In the resolution adopted yesterday at the first-ever meeting of finance ministers, the 15-member body called for enhanced actions, from closing financial system loopholes to stopping the abuse of charitable causes, as well as updating the existing ISIS and Al-Qaeda Sanctions List.
At the session presided over by American Treasury Secretary Jack Lew under US’ monthly presidency, the Council stressed that already existing resolutions mandating nations to ensure that financial assets are not transferred to terrorists by persons within their territory “shall also apply to the payment of ransoms to individuals, groups, undertakings or entities on the ISIS and Al-Qaeda Sanctions List regardless of how or by whom the ransom is paid.”
The resolution called for increased international cooperation in sharing information and closer collaboration with the private sector to identify suspect transactions.
The Council also called on Member States to promote enhanced vigilance by persons within their jurisdiction to detect any diversion of explosives and raw materials and components that can be used to manufacture improvised explosive devices or unconventional weapons, including chemical components, detonators, detonating cord, or poisons.
Mr Lew told the Council that ISIS is a challenging financial target. He said, “Unlike other terror groups, ISIS derives a relatively small share of its funding from donors abroad. Instead, ISIS generates wealth from economic activity and resources within territory under its control.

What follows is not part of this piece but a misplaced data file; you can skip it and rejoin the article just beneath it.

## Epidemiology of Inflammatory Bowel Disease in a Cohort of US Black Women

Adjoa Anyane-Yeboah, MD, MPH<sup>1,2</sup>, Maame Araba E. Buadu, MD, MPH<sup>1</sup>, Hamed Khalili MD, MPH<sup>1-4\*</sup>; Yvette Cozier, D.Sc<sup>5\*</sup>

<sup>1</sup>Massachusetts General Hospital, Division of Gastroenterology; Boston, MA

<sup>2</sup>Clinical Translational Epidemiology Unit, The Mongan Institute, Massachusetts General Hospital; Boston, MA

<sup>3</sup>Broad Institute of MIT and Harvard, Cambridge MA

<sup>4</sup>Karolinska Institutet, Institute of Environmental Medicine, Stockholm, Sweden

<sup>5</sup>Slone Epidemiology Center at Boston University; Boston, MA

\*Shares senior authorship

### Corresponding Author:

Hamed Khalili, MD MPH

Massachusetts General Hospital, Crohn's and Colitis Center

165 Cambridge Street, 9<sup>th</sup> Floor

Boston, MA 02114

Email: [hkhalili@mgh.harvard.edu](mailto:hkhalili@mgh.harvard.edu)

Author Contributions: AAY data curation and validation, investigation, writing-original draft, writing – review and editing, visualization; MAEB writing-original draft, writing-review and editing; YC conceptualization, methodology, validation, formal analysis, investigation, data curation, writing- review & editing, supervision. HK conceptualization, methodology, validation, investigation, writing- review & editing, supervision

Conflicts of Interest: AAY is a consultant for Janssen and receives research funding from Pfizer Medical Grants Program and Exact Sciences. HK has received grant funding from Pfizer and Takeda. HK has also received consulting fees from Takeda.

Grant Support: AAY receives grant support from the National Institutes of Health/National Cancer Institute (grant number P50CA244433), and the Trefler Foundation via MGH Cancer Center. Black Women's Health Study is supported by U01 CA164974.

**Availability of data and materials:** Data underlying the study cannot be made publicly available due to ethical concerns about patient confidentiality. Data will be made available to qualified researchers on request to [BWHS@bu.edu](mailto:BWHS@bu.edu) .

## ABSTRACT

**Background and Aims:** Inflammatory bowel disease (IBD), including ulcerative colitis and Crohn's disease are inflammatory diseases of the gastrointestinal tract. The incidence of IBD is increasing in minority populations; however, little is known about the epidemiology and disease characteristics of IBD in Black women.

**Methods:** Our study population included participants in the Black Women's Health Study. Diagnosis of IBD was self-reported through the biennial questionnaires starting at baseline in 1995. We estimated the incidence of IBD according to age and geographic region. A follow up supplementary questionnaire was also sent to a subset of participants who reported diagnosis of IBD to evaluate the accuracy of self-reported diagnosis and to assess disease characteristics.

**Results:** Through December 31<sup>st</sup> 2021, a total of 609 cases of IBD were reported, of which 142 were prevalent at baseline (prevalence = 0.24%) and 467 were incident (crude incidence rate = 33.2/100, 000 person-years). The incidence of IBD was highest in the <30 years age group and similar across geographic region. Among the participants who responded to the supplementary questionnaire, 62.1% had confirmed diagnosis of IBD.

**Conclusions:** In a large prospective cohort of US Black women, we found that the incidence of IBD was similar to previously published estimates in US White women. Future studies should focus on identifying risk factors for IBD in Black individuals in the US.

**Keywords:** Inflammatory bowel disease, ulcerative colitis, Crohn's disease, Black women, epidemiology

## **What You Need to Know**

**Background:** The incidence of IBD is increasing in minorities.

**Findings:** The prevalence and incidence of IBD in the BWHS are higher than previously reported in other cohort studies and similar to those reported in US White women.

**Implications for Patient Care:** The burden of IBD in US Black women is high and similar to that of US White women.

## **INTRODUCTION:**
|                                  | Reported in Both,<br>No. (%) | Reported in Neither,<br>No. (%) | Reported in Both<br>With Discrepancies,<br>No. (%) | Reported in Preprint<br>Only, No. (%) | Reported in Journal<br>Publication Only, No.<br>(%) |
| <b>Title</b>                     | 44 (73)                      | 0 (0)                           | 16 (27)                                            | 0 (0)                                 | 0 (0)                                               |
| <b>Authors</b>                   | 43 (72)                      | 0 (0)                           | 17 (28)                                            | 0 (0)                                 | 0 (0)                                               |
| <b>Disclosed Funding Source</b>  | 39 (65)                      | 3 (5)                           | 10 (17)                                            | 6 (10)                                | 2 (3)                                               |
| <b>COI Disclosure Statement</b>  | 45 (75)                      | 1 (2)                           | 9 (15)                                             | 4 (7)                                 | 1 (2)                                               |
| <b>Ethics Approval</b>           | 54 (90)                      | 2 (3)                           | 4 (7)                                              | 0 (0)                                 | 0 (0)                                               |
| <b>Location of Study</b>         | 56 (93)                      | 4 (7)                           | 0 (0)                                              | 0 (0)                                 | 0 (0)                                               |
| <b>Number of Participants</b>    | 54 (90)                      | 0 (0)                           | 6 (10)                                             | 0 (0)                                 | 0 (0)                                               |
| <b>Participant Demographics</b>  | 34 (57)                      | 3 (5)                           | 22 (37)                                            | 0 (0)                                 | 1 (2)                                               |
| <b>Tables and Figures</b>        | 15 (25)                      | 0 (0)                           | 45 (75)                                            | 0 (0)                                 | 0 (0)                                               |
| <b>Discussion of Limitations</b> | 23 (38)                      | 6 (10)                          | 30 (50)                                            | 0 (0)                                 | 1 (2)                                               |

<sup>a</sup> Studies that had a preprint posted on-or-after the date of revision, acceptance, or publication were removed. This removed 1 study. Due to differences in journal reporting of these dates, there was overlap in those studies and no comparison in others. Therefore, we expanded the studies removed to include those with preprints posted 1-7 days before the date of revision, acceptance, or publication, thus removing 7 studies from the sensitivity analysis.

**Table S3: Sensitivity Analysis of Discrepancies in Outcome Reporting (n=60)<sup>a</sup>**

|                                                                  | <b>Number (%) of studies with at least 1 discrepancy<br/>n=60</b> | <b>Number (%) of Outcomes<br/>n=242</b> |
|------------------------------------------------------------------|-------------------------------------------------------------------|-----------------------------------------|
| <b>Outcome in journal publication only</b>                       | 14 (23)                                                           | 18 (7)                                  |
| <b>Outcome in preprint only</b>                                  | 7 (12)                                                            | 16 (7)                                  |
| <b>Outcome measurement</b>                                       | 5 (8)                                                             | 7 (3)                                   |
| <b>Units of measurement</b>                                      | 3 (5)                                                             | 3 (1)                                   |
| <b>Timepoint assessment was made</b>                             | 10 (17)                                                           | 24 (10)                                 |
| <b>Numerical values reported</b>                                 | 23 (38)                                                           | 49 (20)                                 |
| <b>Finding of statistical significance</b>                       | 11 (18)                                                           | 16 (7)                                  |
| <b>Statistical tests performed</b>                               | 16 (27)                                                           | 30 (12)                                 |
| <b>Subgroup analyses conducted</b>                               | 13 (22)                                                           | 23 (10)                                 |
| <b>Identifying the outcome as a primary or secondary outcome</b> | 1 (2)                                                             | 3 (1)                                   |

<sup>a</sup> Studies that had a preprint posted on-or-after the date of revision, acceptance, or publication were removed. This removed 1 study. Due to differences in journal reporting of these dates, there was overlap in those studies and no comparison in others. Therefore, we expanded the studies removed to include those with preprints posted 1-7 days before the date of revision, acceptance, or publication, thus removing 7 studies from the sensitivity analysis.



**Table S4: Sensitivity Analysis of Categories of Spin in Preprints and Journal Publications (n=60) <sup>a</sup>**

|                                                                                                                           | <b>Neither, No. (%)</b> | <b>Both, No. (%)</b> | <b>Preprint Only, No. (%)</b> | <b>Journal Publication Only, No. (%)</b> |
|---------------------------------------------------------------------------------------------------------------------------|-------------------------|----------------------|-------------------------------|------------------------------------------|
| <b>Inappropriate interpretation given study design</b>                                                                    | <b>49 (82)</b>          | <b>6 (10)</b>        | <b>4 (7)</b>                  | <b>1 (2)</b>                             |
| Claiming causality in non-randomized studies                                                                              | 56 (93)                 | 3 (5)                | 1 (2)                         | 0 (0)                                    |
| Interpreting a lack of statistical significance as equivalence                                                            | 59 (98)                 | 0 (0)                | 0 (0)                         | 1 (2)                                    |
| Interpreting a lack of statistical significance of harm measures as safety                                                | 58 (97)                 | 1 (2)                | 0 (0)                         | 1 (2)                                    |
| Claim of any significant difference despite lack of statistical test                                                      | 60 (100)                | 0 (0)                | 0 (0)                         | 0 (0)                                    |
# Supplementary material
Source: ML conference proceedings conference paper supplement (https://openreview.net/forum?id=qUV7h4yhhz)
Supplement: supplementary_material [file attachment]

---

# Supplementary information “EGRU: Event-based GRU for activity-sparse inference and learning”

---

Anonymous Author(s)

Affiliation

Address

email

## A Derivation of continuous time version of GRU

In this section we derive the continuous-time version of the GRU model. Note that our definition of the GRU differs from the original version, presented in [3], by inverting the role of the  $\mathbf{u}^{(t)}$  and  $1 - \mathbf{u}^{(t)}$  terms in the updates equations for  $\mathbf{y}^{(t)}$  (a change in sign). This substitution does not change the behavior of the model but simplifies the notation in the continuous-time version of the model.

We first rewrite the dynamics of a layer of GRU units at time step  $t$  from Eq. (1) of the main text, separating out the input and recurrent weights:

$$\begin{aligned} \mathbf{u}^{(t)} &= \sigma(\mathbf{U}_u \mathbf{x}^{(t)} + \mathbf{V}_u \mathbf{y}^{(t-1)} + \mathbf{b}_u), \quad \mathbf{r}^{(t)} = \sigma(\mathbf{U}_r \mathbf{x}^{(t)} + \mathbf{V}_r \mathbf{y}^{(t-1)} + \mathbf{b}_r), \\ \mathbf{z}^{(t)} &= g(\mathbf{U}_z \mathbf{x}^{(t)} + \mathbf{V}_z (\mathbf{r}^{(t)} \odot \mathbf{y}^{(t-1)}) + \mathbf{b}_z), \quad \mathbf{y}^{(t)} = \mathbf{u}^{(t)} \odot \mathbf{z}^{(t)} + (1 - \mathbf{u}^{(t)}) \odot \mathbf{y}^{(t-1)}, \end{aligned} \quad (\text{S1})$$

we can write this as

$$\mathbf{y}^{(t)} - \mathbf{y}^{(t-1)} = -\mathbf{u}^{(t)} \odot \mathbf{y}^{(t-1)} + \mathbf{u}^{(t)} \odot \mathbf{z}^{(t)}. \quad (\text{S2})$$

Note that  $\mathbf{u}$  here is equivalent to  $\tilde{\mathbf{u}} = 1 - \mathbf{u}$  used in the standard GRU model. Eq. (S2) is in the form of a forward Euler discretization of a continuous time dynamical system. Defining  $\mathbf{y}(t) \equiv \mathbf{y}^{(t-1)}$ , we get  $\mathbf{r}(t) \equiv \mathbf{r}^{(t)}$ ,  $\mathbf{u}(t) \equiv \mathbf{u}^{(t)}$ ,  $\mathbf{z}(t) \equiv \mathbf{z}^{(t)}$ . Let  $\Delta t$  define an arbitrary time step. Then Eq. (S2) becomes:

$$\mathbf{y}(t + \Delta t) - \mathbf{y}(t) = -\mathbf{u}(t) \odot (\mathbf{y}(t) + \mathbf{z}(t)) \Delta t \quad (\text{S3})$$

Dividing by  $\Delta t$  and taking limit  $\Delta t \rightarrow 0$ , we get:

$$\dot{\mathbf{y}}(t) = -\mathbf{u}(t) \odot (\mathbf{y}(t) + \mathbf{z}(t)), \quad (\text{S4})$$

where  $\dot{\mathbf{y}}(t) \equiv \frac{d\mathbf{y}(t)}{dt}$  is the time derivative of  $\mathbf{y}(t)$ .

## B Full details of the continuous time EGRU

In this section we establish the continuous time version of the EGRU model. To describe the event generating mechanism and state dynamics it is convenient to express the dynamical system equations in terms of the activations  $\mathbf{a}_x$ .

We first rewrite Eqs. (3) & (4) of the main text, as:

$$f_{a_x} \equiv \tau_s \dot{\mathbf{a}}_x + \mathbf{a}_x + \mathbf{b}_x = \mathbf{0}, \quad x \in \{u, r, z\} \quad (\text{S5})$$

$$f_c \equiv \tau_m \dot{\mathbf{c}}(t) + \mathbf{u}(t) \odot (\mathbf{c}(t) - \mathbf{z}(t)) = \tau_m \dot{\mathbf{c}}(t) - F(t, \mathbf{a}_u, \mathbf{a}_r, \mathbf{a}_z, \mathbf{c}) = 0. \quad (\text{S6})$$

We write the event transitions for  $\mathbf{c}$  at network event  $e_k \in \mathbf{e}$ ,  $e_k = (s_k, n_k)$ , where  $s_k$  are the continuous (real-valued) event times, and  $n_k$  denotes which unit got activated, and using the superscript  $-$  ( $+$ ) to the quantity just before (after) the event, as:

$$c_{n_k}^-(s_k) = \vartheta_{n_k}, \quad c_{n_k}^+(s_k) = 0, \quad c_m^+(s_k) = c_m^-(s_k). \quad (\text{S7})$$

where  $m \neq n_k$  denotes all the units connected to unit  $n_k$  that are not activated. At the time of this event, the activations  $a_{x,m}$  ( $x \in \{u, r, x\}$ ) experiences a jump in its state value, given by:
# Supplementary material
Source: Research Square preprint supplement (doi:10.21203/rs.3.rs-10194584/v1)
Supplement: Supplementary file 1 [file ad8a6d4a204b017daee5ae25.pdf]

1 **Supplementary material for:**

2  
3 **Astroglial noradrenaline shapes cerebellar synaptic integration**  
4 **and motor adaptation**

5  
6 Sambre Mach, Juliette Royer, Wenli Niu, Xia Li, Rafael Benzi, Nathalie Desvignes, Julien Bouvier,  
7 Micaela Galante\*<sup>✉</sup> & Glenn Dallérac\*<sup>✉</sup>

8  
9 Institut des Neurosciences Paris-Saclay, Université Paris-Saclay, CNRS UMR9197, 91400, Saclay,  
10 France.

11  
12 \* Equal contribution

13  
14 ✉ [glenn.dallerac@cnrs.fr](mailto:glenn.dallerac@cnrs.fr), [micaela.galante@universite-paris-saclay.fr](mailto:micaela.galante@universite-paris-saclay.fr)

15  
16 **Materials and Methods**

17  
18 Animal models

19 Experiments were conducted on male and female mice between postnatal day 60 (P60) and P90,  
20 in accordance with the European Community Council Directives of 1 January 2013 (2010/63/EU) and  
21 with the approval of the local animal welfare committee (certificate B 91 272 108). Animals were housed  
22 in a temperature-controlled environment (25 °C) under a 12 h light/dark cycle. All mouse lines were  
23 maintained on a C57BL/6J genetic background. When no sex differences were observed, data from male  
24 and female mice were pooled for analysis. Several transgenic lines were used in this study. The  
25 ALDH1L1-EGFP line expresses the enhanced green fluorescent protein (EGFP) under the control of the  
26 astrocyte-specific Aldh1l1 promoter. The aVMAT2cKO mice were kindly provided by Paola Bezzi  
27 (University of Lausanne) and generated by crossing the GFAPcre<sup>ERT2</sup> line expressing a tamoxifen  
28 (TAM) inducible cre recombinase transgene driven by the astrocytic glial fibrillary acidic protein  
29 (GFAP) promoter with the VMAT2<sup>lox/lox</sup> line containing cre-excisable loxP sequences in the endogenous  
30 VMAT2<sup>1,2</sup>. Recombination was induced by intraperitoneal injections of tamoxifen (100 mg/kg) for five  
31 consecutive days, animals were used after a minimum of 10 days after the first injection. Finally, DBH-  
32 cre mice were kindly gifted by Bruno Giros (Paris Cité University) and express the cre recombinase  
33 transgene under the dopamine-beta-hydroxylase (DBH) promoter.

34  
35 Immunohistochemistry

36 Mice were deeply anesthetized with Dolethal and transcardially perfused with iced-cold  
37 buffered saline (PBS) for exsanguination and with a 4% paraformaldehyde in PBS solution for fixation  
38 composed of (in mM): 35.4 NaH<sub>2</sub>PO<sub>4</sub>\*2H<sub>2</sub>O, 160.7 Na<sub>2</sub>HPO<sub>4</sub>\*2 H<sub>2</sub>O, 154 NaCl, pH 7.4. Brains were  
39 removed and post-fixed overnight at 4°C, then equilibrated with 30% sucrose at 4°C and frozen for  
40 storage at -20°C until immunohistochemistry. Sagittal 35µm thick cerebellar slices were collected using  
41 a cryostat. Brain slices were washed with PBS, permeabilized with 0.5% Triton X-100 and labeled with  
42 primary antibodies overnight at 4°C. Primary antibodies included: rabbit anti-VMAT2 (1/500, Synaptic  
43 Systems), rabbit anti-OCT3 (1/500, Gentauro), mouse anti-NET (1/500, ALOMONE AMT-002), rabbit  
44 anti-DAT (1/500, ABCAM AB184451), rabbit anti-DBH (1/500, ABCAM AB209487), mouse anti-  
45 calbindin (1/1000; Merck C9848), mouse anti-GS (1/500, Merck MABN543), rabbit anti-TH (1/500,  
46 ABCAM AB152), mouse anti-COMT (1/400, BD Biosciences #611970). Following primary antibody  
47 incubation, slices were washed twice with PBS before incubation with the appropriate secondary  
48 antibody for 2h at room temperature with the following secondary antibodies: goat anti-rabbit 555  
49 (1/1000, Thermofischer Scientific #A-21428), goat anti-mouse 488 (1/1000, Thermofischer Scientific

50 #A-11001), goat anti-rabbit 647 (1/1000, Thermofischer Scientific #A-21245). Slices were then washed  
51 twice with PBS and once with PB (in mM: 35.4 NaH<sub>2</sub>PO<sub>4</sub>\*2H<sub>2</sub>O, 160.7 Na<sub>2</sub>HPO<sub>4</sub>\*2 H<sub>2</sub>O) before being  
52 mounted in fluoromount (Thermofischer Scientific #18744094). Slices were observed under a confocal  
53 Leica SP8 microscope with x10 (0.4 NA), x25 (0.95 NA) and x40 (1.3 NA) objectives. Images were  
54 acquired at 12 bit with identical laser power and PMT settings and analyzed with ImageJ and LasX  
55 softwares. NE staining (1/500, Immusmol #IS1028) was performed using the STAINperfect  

“ISIS’ financing has evolved from seizing territory and looting bank vaults to leveraging more renewable revenue streams: so far, ISIS has reaped an estimated USD 500 million from black market oil and millions more from people it brutalises and extorts,” he said.
He stressed that while the resolution is a critical step, the real test will be determined by the actions nations take individually after its adoption.
“We need meaningful implementation, coordination, and enforcement from each country represented here, and many others. As we have all learned – with our work to counter Al-Qaeda, ISIS, and other groups to date – the successful use of these counter-terror financing tools requires robust domestic implementation, deep collaboration with private partners, and intense multilateral coordination and information-sharing,” Mr Lew said.